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Often, such a secret can turn out to be a kind of placebo, having an effect solely in our head. As, for example, it happened in the animated movie Kung Fu Panda, where the main character's stepdad cooked delicious noodles with some “secret ingredient,” which, in fact... well, let's not go further, as perhaps for some this will be a plot spoiler. The main thing is that this hack really helps you, the rest is details.


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We could talk a lot more about the impact that small kitchen hacks like these have on what we end up eating, but perhaps it's just time to scroll this list to its very end and who knows, maybe some of these secrets will come in handy for you. Or perhaps you may also share your own secrets, for the good of other home or professional cooks, because you know, sharing is always caring.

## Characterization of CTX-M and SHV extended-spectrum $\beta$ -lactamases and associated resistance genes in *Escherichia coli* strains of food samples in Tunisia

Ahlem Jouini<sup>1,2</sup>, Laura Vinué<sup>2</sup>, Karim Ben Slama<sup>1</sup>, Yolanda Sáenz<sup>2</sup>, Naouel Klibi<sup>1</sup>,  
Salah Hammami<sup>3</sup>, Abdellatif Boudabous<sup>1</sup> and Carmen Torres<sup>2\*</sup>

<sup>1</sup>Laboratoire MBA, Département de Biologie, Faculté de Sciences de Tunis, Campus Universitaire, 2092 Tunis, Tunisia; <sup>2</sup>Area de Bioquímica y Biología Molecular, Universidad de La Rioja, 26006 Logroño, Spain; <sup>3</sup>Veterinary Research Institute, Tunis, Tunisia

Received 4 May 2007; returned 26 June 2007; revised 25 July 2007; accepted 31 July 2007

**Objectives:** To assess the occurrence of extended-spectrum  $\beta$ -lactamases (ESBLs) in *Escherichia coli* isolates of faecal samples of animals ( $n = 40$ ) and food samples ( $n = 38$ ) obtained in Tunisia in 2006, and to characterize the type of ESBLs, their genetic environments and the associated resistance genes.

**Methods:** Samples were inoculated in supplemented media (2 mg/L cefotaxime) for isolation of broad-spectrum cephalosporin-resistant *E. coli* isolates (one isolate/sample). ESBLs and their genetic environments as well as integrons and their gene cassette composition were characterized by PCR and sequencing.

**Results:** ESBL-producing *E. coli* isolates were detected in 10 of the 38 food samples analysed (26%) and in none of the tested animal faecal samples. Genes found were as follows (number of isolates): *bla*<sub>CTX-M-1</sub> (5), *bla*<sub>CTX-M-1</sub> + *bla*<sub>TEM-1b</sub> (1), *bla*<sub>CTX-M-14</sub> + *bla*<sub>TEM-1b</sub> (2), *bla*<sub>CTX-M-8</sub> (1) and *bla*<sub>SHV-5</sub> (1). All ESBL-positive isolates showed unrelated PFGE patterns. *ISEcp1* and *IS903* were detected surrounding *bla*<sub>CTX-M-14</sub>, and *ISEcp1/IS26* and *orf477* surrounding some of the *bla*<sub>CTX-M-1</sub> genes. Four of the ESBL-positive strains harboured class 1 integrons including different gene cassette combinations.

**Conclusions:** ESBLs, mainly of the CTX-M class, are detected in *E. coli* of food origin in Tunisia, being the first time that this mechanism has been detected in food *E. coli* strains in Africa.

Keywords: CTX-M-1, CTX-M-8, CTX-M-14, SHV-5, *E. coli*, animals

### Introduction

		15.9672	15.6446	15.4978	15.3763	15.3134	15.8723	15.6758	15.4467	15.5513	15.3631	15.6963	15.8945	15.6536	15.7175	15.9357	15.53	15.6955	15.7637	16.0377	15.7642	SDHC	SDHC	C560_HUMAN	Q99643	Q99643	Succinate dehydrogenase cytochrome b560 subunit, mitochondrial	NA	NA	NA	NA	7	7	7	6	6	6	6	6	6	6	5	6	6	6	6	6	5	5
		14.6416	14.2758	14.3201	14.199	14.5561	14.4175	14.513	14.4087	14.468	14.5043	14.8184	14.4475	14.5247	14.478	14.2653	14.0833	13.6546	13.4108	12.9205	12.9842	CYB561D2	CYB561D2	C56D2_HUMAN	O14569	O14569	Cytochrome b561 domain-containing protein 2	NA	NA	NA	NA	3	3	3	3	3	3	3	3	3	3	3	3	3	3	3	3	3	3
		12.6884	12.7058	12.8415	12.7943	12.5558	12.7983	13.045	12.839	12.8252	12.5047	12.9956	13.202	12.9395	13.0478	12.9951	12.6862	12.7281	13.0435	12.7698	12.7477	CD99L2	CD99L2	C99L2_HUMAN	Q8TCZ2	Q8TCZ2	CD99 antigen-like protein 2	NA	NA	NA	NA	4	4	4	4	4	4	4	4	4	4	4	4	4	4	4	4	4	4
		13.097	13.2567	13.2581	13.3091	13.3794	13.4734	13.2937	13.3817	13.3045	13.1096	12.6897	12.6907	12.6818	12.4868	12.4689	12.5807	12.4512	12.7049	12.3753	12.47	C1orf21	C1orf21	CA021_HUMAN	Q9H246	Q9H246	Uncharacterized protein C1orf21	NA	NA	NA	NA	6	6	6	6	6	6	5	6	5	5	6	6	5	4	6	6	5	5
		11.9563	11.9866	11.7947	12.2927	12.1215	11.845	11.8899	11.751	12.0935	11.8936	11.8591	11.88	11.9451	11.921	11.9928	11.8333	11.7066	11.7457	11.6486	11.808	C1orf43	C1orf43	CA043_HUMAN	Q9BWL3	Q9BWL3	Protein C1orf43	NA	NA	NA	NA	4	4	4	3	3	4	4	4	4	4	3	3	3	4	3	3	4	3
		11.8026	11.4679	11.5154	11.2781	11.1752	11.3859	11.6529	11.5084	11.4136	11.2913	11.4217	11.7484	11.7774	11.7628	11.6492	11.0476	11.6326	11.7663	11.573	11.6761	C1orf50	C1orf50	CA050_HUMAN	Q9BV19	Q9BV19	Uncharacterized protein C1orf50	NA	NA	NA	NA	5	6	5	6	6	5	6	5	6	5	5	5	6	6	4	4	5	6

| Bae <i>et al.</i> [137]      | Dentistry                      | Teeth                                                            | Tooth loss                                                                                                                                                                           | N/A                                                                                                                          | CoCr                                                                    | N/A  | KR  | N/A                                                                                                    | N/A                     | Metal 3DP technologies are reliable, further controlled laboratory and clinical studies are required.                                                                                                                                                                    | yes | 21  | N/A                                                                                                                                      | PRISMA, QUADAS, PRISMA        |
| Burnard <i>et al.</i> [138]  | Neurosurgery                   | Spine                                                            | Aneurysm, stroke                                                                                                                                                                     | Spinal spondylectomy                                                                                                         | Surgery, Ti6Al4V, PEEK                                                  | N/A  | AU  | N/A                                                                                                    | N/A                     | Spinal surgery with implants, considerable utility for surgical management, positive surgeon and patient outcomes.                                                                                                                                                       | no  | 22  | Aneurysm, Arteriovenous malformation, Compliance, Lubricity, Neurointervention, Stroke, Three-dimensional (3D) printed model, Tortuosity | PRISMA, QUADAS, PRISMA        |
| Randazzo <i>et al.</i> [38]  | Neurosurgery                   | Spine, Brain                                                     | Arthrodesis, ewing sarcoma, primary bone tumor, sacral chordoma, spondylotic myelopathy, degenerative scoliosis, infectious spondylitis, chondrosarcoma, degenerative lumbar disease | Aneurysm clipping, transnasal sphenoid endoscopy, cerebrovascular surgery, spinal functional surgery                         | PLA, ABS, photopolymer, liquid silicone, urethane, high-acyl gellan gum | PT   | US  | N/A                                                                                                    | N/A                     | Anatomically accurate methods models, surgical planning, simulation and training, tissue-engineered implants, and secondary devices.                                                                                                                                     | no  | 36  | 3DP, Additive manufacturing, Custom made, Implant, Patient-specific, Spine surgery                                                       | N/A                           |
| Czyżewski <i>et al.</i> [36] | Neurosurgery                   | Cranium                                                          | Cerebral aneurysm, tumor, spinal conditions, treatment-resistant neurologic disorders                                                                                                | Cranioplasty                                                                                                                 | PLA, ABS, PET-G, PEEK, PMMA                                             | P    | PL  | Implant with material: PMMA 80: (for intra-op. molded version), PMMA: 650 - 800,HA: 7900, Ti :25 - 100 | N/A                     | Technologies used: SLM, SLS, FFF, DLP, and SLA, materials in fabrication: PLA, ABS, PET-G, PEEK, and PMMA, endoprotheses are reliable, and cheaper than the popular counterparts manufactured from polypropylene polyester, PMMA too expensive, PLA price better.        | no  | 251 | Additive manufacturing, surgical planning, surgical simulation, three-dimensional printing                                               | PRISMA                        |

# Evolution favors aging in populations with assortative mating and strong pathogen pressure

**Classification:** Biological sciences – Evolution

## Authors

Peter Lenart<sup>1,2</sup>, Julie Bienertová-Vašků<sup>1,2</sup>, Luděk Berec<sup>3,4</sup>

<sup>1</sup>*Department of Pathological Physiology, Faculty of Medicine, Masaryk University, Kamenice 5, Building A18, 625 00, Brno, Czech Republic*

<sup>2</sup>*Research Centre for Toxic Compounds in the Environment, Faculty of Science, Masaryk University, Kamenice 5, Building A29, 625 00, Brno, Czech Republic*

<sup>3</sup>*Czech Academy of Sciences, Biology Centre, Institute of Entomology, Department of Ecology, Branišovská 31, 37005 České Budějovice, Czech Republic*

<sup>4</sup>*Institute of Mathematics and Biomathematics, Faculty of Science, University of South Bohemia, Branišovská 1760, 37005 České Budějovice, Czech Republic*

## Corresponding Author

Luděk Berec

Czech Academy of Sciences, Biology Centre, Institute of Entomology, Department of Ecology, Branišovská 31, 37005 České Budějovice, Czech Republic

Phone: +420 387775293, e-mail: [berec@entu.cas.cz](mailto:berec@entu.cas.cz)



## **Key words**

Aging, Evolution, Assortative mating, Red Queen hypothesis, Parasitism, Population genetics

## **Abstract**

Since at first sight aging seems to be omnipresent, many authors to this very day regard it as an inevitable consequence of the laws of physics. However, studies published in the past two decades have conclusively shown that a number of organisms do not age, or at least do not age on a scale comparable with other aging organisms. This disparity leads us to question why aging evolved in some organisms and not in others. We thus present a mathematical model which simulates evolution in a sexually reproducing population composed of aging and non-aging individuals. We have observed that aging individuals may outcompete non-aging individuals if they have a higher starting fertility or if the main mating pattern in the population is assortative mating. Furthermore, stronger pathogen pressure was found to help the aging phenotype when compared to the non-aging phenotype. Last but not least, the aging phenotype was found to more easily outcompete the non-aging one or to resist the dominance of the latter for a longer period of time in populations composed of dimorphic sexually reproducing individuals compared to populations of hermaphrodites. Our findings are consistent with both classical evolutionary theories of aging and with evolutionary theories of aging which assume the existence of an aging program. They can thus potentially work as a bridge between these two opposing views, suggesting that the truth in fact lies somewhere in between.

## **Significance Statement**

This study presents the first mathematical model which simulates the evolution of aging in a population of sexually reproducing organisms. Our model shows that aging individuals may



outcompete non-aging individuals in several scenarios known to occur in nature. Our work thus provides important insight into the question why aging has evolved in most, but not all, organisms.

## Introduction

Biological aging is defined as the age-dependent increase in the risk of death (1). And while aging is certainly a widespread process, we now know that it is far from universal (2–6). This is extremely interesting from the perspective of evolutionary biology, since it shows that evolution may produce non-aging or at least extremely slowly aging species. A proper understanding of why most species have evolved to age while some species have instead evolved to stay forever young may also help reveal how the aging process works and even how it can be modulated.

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Whenever I need to caramelize onions I always add water to the pan and cover with a lid to steam the onions first. Eventually the water cooks off and you're left with very soft onions which saves you like 20 minutes for a big batch.hopefully this is pretty well-known by folks in here but if you follow online recipes, they frequently get it backwards: saute onions first, THEN garlic. so many recipes say at the beginning to add chopped garlic, cook for a minute, then add chopped onions. that's a quick way to get burnt garlic and raw onions. onions first until just turning translucent, then add garlic. the moisture coming off the onions as they sweat helps keep the garlic from burning as it cooks as well.Off the top of my head : I scrunch up a piece of parchment paper under the tap water and squeeze the water out before using it to line up cake and brownie tins so that it’ll stick to the sides better. The water will evaporate during the baking process and doesn’t affect the batter. I put thick slices of day old bread under my chicken before roasting, they absorb the chicken juice so that the underside is not soggy + the bread edges become so crispy that I just nibble on them like roasted chicken flavored soaked crouton lol Edit : lousy grammarWhen i’m almost out of a condiment, i make a salad dressing in the condiment jar and shake vigorously to incorporate remaining condiment into salad dressing.I cut most things with kitchen shears instead of knives. I've been told it's weird, but it works for me.Idk if this is “unknown” but I add seasoning to my flour when I make a roux most of the time. Started with garlic powder and smoked paprika when I made my roux for white cheddar mac and cheese. It really enhanced it so I do it whenever I can.Preheat your sheetpan at 425F before adding your vegetables when roasting. Gives them a nicer sear, and cooks slightly faster. Secondary tip on sheet pans, it's worth having a "clean" and a "seasoned" sheet pan for different uses. Clean for things like cookies, seasoned for savory applications.Powdered buttermilk. I only recently found out about it but I have wasted so much buttermilk when all I needed was a bit.I’ve replaced salt in 75% of my cooking with mushroom extract powder from the Asian market, it still seasons but bumps the umamiTo get nice sunny side up eggs where the white on top of the yolk is cooked too, I use a little oil in the frying pan on a medium/high heat, crack in the egg, season, and once the white has started to cook I add about a tsp of water into the pan and place a lid on it, letting it cook for about a minute. The steam cooks the whites while keeping the yolk runny. Saves oil, saves you from having to flip the egg and is super quick.Instant mashed potato flakes are my go-to thickenerin any kind stew/chili. You don't have to whisk like you do cornstarch or flour.When your box of brown sugar is rock hard, instead of chipping it away with a knife, put it in the microwave for 30 seconds. it gets nice and soft and shakeable again.Dissolve your cinnamon in vanilla before adding eggs and milk to your batter for French toast. The cinnamon will incorporate so much better instead if just sitting on top of the mixture.Growing up in Hawaii, everybody knows that the correct amount of water to add to a rice cooker is determined by touching your middle finger to the top of the rice and then filling the water to the first knuckle. It will come out perfect every time. If you start measuring stuff you're going to jack it up.Not sure how common this is, but my MIL puts a couple tablespoons of instant vanilla pudding powder in heavy cream when she makes whipped cream for desserts. It helps it keep its shape when you put leftovers in the fridge.Before roasting, I slice the skin between the thigh and breast on whole chickens and turkeys and pull the leg quarter away from the carcass. This allows heat to circulate in the thickest part of the meat, evening out and lessening cooking time. I learned this when I cooked brunches and holidays at the restaurant. Been doing it ever since.I wear swim goggles when I cut onions. That’s all I got for you.The handle of the knife goes into the palm of your hand, you actually grip and control your chef's knife with your pointer and thumb slightly above the handle at the base of the blade. It's wierd seeing people hack away at their veggies gripping the knife handle with their whole hand like a leaver. You get more control and your hands don't get as tired when you use the handle as a brace and a counterweight.Friend of mine taught me to put herb and garlic cream cheese in my mashed potatoes. Tried dill pickle on my own and if you’ve never had dill pickle mashed you are in for a treat. The leftovers make fantastic croquets.I use google translate to find authentic recipes in their original language and then translate them to English. Definitely has given me a leg up in my Asian cooking adventuresI dehydrate whole lemons by placing them on a sunny windowsill and turning them every few days to avoid soft spots and spoilage. It takes a few months then wipe them off with a damp cloth and store them in a dry container or zip bag. All the flavor of the juice goes into the rind and you just use a fine hand grater when you want a kick of the purest lemon flavor you have ever tasted! It’s perfect for when you want the concentrated flavor without adding any additional liquid to your recipe and unlike fresh lemon zest there’s no bitter taste!I keep a shot glass in my microwave. If I’m cooking anything that requires moisture (reheating rice, for example) I add water to the glass and turn the microwave on for 30 sec to warm the water. Then I put in whatever I’m making. The microwave gets steamy and warms things like rice and pasta beautifully. Just don’t forget to remove the glass when making popcorn!A couple off the top of my head: Air fry your whole eggs instead of hard boiling them. 250° F for 18 minutes, then plunge into cold running water immediately. Perfect eggs every time, and almost never fight with peeling them. I make a whole dozen at a time for lunch prep. Worcestershire sauce added to gravy, or any beefy tomatoey dish, will add depth and probably fix what's *missing* if you can't figure out what a dish needs. It's either that or a splash of wine or lemon juice. Over easy eggs cooked at medium-medium high heat on first side, flip, then turn off the pan but leave it on the burner to finish second side while you tend to your toast. Never overcook an egg again. Montreal steak spice is excellent on salmon filets. Since most recipes that call for tomato paste only require a few tbsps, I open a can and spread it into a silicone ice cube tray, freeze, pop out, and store the cubes. You can guesstimate how much you need and just melt it into your recipe, and save the rest without wasting what you don't need. Edit to add... freeze your ginger root and grate it that way! Less stringy, watery mess. Perfectly spicy snow is much easier to handle/measure.1. I always cook more rice than I need, then portion out the leftovers into Ziploc bags (1 cup of rice per bag) and put them in the freezer. When you’re ready to eat it, put it on a plate or bowl and sprinkle about a teaspoon of water over the frozen rice and use a damp paper towel to cover and microwave for 2 minutes for perfectly fluffy rice again. 2. To make green onions go a long way, I keep them in a mason jar of water and they’ll continue to grow, I just change out the water daily. Or you can cut them up and freeze them to use later in soups or stir fry. 3. Using steak seasoning for oven baked vegetables — way more flavorful than your typical salt and pepper. 4. Pouring heavy cream over any store bought, canned cinnamon rolls in a deep baking dish; this makes them softer, creamier, and fluffier and tastes similar to Cinnabon. ETA: 5. To make any instant ramen soup broth taste close to restaurant quality, I mix the seasoning packet with a raw egg, 1 tbsp of kewpie mayo, and 1 tsp of minced garlic. Once you pour in the soup and noodles, the hot water cooks the eggs and thickens the broth that it tastes like a creamy tonkotsu base.I’ll wad up 4 pieces of aluminum foil and place a rack on top of it to roast chicken or meats or anything really. It makes the rack stand about 3 inches or so above the sheet pan which allows for a lot of air circulation and better browning. Another plus is you can put vegetables under the meat and have the drippings fall onto them.huge scoop of greek yogurt into pancake or waffle batter -- adds protein and structureAdding a little cornstarch when I’m whisking eggs for scrambling. Makes them super fluffy.Fry the rice kernels until they turn Matte white before adding brothI like to roast a whole chicken in a Dutch oven with potatoes, carrots, celery and onion. Once cooked I take out the chicken, add some broth to the veggies + chicken fat, and blend that as the base for a soup.1 - I bake a half dozen potatoes once a week or so and keep them in the fridge. I dice them up and brown a little before adding eggs, etc for a hearty but easy breakfast. 2 - I keep my lettuce, spinach, etc on paper towels in a dishpan in the fridge with a large plastic bowl cover (like a shower cap). It stays fresh for over a week this way, instead of slimy in a clamshell or bag. 3 - i use 3 eggs for each cup of flour for pancakes and then eyeball the amount of milk (cream!) til pourable. it ups the "healthy" and also helps them to cook nice and tall.Lay sourdough on one layer of cabbage leaves. It's just the right amount of moisture to steam the bottom, keeping the crust from becoming rock hard.Bacon is always cooked in the oven. I season my bacon as well.I use flavored coffee creamer (usually Hazelnut, but sometimes French Vanilla) in the egg batter when making French Toast. Also, I use a mixture of cinnamon, sugar, and nutmeg over butter, instead of maple syrup on the French Toast. The last part is how my family has been making it for years, since they immigrated from Belgium in the 1800s. The flavored creamer is my recent tweak on it.Cream cheese + garlic powder/fresh garlic + cooked noodles - Philly Fettuccine.1) Sautéed/steamed broccoli - oil in pan, cook broccoli for a few mins, add a bit of water, cover and crank heat up to steam. No steamer basket needed! 2) Revive stale bread - run stale loaf under water, stick in 350 oven until warm. 3) Keep spring mix fresh - Line large pyrex bowl with paper towels, layer spring mix and paper towels, cover and stick in the fridge. The glass bowl seems to work much better than plastic at keeping the leaves from wilting.When I make a French omelet, I whisk the eggs in a metal sieve first. It removes all the little white stringy bits (the chalazae), and the finished product is a perfectly uniform, pale yellow. I can't take credit for this, though. I learned it from watching The Bear.Ikea sells a metal rack to hold potlids called the Variera. However, if you remove the small plastic parts the rack is also ideal to hold spare ribs and other things on the BBQ. And for 7 euro you can't really go wrong with it.Adding a touch of acid to my pasta sauce at the end of cooking (works well for cream sauces especially)If I’m going to be cooking them later anyways, I always microwave garlic cloves for 8-10 seconds to make them way easier to peel.* Weave bacon into a lattice and bake it to cook it perfectly and keep it flat. * Add sodium citrate before you add cheese or hollandaise sauce to make a sauce that will not break after reheating or combining with another thing. * Soak/wash shredded potato in water, then squeeze dry and squeeze even more dry in paper towels to make crispy hashbrowns. * Use an immersion blender when whipping eggs. They will be fluffy and all eggs whites will be incorporated. * Use MSG. If you can eat tomatoes or mushrooms, you are already eating MSG, so use it. * When deep frying a turkey or a chicken, don't wait until the oil is 350F, you will get a boil over. Lower the bird in when the oil is 250F. * Don't crowd your pans. Crowded pan = steaming not sautéing. * Keep salt in a small bowl next to cooking area and add it by hand so you can feel the mass you are adding. * Keep a chunk of oak in your kitchen that you can light on fire, blow out and put into a small foil bowl in a covered pot to add a smoky flavor. Will take dishes to a next level. * Add cashews to boiled water for 10 mins then grind to add a non-dairy buttery flavor to a dish. * Creamed Spinach makes an amazing pizza sauce. * Juiced spinach liquid in place of water will make an amazingly vibrant green pasta.I use my fingers to center the yolk in a fried egg.I essentially steam my omelettes. Add scrambled eggs to pan on low heat, cover, and cook until set. Then add my cheese and filling before folding over onto a plate. Don’t think I have ever seen anyone else use this technique.